It’s 4 a.m. on a Wednesday and the smoke of live oak fills four 2,500-pound smokers at Hallelujah BBQ in South Central El Paso.
Inside them, hundreds of pounds of brisket, ribs, turkey and sausage perfectly seasoned with a signature rub will be slowly cooked at the perfect temperature to get to a perfect taste.
Inside, a remodeled historic building at 130 N. Cotton offers a dining room with an open concept and simplistic decor resembling a typical Texas BBQ restaurant that could very well have been around for decades. Wooden tables with fresh tulips in old-time apothecary bottles, mason jars with iced tea adorned with a crisp lemon wedge, and table tents with pictures and stories of recovery from the people serving guests welcome patrons supporting the eatery.
The men and women overseeing the place are all familiar with a transient lifestyle and drug addiction — they all are graduates of homelessness-related programs at the Rescue Mission of El Paso.
Blake Barrow, a former trial lawyer, gave up the courtroom in 1997 to fight for the homeless community of El Paso as chief executive director of the nonprofit organization. He opened Hallelujah in early April to continue that fight.
“I was sitting in my law office, practicing law doing trial work, thinking I was happy with it, had plenty of work, and making a lot of money,” he said. “God called and said it’s time for you to do something productive.”
The Rescue Mission of El Paso has been helping the transient community of El Paso since 1952. Barrow became executive director in 1997 at the shelter that offers residential services, a drug and alcohol relapse prevention program, biblical counseling, job search services, a facility that provides warm food, coffee, clothes, access to restrooms, showers and laundry machines and a vocational rehabilitation program.
The mission’s first vocational program was a furniture store created in 1986 at their previous location until it was bought out by the Texas Department of Transportation in 2014 for $13.5 million.
“So they bought us out, tore down all the buildings, destroyed the factory, and paid us for it, of course,” Barrow said. “Then I had the decision to make: Do I want to recreate a furniture factory, which, although woodworking is very therapeutic, the factory was not profitable; or do we want to take this as the opportunity to go do something else entirely?”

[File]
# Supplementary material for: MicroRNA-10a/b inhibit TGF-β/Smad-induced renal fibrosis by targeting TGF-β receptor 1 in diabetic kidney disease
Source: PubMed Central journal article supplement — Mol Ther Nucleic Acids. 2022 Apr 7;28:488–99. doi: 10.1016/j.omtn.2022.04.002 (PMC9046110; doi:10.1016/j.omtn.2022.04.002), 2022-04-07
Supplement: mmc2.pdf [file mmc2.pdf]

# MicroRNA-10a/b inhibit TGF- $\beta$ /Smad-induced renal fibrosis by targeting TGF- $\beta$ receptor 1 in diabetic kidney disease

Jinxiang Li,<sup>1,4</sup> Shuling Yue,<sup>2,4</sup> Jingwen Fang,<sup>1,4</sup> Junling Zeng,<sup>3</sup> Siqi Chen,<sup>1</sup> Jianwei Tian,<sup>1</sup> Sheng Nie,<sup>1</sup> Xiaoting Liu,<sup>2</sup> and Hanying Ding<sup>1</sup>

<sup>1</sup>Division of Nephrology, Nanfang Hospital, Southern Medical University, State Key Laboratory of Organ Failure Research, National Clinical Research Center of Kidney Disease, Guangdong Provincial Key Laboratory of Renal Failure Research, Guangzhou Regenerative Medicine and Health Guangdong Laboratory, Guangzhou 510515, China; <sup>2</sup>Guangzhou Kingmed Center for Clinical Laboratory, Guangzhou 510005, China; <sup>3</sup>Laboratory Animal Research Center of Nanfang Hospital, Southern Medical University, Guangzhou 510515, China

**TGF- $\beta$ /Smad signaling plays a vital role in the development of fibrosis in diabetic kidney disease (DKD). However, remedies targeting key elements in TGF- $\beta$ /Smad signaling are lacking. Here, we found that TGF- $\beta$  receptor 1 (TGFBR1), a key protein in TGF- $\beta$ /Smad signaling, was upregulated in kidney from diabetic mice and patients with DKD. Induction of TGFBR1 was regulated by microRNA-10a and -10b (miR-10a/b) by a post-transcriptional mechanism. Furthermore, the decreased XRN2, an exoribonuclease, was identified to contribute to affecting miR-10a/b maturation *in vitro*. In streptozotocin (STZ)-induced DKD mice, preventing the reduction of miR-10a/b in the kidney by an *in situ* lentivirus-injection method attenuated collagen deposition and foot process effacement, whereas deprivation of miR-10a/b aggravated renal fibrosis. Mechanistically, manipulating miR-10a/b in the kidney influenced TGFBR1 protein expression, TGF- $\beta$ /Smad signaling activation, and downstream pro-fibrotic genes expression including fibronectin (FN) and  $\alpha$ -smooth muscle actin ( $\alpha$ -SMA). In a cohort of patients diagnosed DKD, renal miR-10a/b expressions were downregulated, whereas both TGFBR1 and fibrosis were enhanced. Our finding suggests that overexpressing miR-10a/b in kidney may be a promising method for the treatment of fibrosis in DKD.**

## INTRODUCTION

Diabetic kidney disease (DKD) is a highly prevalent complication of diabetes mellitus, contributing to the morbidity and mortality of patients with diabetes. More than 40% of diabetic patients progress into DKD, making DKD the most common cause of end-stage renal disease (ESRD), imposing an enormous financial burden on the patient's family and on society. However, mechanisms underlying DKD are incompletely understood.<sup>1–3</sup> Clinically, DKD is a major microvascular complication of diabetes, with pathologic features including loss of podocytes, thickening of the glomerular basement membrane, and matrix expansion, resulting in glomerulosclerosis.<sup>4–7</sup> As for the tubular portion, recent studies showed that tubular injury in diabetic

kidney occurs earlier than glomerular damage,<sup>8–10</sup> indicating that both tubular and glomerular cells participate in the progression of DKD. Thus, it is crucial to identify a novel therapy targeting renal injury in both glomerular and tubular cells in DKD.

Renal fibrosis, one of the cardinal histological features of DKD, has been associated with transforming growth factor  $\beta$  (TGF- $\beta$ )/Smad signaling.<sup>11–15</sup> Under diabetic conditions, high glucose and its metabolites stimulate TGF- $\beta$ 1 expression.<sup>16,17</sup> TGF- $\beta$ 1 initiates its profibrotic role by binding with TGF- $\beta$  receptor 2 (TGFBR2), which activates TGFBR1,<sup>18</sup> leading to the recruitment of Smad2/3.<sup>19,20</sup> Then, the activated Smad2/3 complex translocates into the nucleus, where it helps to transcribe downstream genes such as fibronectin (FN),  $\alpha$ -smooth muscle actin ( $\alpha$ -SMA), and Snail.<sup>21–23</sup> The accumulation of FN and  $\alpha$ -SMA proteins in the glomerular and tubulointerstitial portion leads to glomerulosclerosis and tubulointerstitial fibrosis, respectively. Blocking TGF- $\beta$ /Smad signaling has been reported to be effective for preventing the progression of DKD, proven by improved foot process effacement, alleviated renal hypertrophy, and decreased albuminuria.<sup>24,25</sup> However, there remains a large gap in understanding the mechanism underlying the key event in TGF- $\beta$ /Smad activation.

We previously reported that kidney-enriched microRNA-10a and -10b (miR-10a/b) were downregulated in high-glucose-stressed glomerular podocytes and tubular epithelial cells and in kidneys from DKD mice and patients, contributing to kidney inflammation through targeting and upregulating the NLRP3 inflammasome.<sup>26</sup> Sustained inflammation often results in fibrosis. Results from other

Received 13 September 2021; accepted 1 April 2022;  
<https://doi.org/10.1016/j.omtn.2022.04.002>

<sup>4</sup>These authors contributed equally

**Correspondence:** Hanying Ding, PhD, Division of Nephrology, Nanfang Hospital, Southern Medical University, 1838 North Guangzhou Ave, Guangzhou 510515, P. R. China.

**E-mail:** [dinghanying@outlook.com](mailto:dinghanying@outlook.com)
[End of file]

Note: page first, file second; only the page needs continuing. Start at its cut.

And something else they did.
Barrow used his passion for Central Texas BBQ and created a catering business in 2016 as a test run to eventually have a brick-and-mortar restaurant, which opened on April 5 as Hallelujah BBQ.
“The bottom line is, I love barbecue, we love to eat and I know how to do it,” he said. “The Central Texas style barbecue is the best in the world. It’s all about the rub. It’s the smoking process and getting the flavor of the beef to come out.”
Beyond that, Barrow uses his more than 40 years as a pitmaster to teach people a new trade and the responsibilities of working in the service industry.
“What it’s all about is the people,” Barrow said. “This is simply a way to provide job training for people who are homeless at the rescue mission.”
Candace Blanchard, a graduate of the El Paso County Behavior and Health Residential Treatment Center, has been involved with the Rescue Mission since 2019. She serves as the manager of the restaurant, where she oversees 13 employees.
“I worked my way here,” she said. “I actually was the one tearing off the roof when this place was in shambles. I did a lot of hard work. I learned how to drive a forklift, a bobcat and a backhoe. I’ve done a lot of the construction that I never did. I learned how to smoke and how to manage.”
Every aspect of the restaurant, including the heavy wood picnic-style benches, was done by those at the Rescue Mission who have been given a second chance at life.